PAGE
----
• but colors can vary slightly

  • based on the culturing process as well.

  • The main reason for the color difference

  • is the species of the mollusk.

  • Another very interesting influence

  • is when a pearl is cultured,

  • there is a donor tissue used from another living mollusk,

  • and depending on the color of that tissue,

  • it will influence the color of the final cultured pearl.

  • Narrator: Take for example Akoya pearls.

  • These are all white pearls,

  • but the shade of white can still vary.

  • Some strands might be slightly more pink,

  • while others have more of a greenish tint.

  • Tom says that pinker pearls are typically preferred

  • over green hues.

  • Along with size and color, the shape and surface

  • of a pearl can have an impact on its value.

  • Typically the rounder and smoother, the better.

  • And finally, perhaps the hardest variable

  • to measure: luster.

  • Luster is essentially the way a pearl reflects light.

  • The shinier the pearl, the better.

  • But it's hard to tell how shiny a pearl is

  • unless you have other pearls to compare it to.

  • That's why Tom and the rest of the Gemological Institute

  • have a collection of sample strands for comparison.

  • That way they can look at how one strand of pearls

  • compares to another and see where it falls

  • on the luster scale.

  • The quality of a pearl's luster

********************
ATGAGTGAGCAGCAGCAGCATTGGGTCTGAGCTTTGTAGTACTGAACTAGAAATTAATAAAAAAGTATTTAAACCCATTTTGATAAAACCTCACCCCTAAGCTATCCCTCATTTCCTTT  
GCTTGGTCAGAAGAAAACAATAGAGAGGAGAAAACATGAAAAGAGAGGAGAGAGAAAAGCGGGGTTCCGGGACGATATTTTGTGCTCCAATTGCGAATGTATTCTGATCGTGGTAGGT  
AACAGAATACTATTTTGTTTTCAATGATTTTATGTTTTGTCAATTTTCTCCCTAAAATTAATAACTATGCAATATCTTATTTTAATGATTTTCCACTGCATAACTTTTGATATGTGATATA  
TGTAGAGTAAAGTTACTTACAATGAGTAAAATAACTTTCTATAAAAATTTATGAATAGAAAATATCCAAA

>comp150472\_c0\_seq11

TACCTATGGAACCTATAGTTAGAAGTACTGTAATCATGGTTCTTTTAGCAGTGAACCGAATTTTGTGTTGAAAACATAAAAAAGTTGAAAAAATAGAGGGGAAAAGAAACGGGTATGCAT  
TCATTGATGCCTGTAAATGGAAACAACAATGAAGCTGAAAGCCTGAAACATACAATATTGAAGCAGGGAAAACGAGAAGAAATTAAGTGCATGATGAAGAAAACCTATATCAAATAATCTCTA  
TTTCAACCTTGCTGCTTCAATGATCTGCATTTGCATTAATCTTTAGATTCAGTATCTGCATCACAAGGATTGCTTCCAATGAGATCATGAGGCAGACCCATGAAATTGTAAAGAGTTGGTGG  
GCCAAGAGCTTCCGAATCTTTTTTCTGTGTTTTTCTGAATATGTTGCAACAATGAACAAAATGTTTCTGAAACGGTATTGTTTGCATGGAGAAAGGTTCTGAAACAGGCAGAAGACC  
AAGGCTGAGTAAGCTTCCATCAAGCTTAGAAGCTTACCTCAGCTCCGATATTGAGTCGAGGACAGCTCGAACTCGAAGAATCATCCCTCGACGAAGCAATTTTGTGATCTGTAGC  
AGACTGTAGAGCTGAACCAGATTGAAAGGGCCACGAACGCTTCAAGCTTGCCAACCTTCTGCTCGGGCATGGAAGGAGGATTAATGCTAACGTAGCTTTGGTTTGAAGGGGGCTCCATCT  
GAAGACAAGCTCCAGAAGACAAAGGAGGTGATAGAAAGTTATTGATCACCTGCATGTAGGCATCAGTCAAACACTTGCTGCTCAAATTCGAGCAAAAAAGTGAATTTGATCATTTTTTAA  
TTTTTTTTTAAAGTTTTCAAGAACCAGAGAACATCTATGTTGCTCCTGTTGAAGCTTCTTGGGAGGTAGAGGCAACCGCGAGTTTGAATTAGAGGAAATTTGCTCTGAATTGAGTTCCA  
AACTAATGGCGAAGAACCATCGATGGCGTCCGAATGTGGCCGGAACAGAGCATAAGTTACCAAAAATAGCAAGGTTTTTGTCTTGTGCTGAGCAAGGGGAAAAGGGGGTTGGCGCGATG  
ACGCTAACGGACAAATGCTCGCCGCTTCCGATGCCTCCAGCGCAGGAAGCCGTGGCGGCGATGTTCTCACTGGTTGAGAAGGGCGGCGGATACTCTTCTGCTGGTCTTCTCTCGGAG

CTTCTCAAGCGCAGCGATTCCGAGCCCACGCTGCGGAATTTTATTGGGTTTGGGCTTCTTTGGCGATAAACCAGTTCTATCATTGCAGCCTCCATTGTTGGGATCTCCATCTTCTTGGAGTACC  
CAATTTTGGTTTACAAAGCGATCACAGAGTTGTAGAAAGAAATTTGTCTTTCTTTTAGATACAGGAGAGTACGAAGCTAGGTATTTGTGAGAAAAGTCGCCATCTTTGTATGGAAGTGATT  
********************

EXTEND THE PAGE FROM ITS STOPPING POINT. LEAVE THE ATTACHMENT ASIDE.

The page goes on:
• is influenced by the layers of nacre that coat the center.

  • One way to think of it

  • is like the tiles of a roof.

  • Picture a roof with all the tiles lined

  • up so that everything fits together well.

  • If you translate that to a pearl,

  • it would result in a nice, high-luster pearl.

  • A dull, low-luster pearl would be more like a roof

  • with broken and fragmented tiles that don't line up.

  • When you take into consideration

  • all of these factors, finding or creating

  • the perfect pearl is an art,

  • and the fact remains they're grown inside an animal,

  • so it's impossible to have complete control

  • over how and when they form,

  • especially in the wild.

  • So if you ever bite down on something hard

  • while you're eating an oyster,

  • take a look at it before you chuck it.

  • It might be more than a piece of sand.

Pearls have been a symbol of elegance

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真珠はなぜ高価なのか|高価な理由 (Why Pearls Are So Expensive | So Expensive)

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    PENG に公開 2021 年 01 月 14 日